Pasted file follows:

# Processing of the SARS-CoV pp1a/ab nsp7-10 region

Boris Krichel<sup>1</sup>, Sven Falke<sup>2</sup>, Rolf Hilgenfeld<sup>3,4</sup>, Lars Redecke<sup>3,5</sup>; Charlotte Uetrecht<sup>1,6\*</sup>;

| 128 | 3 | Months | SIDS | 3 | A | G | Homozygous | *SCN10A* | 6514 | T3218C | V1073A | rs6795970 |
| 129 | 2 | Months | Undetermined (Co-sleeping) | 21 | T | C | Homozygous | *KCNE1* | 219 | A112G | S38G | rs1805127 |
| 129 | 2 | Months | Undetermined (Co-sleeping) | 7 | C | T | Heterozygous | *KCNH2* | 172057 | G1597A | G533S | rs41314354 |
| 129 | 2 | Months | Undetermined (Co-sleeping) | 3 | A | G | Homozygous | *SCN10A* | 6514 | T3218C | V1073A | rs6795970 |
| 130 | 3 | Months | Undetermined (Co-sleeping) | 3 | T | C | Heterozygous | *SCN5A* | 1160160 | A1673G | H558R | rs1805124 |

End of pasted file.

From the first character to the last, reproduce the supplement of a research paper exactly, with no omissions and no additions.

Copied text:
# Processing of the SARS-CoV pp1a/ab nsp7-10 region

Boris Krichel<sup>1</sup>, Sven Falke<sup>2</sup>, Rolf Hilgenfeld<sup>3,4</sup>, Lars Redecke<sup>3,5</sup>; Charlotte Uetrecht<sup>1,6\*</sup>;

| 128 | 3 | Months | SIDS | 3 | A | G | Homozygous | *SCN10A* | 6514 | T3218C | V1073A | rs6795970 |
| 129 | 2 | Months | Undetermined (Co-sleeping) | 21 | T | C | Homozygous | *KCNE1* | 219 | A112G | S38G | rs1805127 |
| 129 | 2 | Months | Undetermined (Co-sleeping) | 7 | C | T | Heterozygous | *KCNH2* | 172057 | G1597A | G533S | rs41314354 |
| 129 | 2 | Months | Undetermined (Co-sleeping) | 3 | A | G | Homozygous | *SCN10A* | 6514 | T3218C | V1073A | rs6795970 |
| 130 | 3 | Months | Undetermined (Co-sleeping) | 3 | T | C | Heterozygous | *SCN5A* | 1160160 | A1673G | H558R | rs1805124 |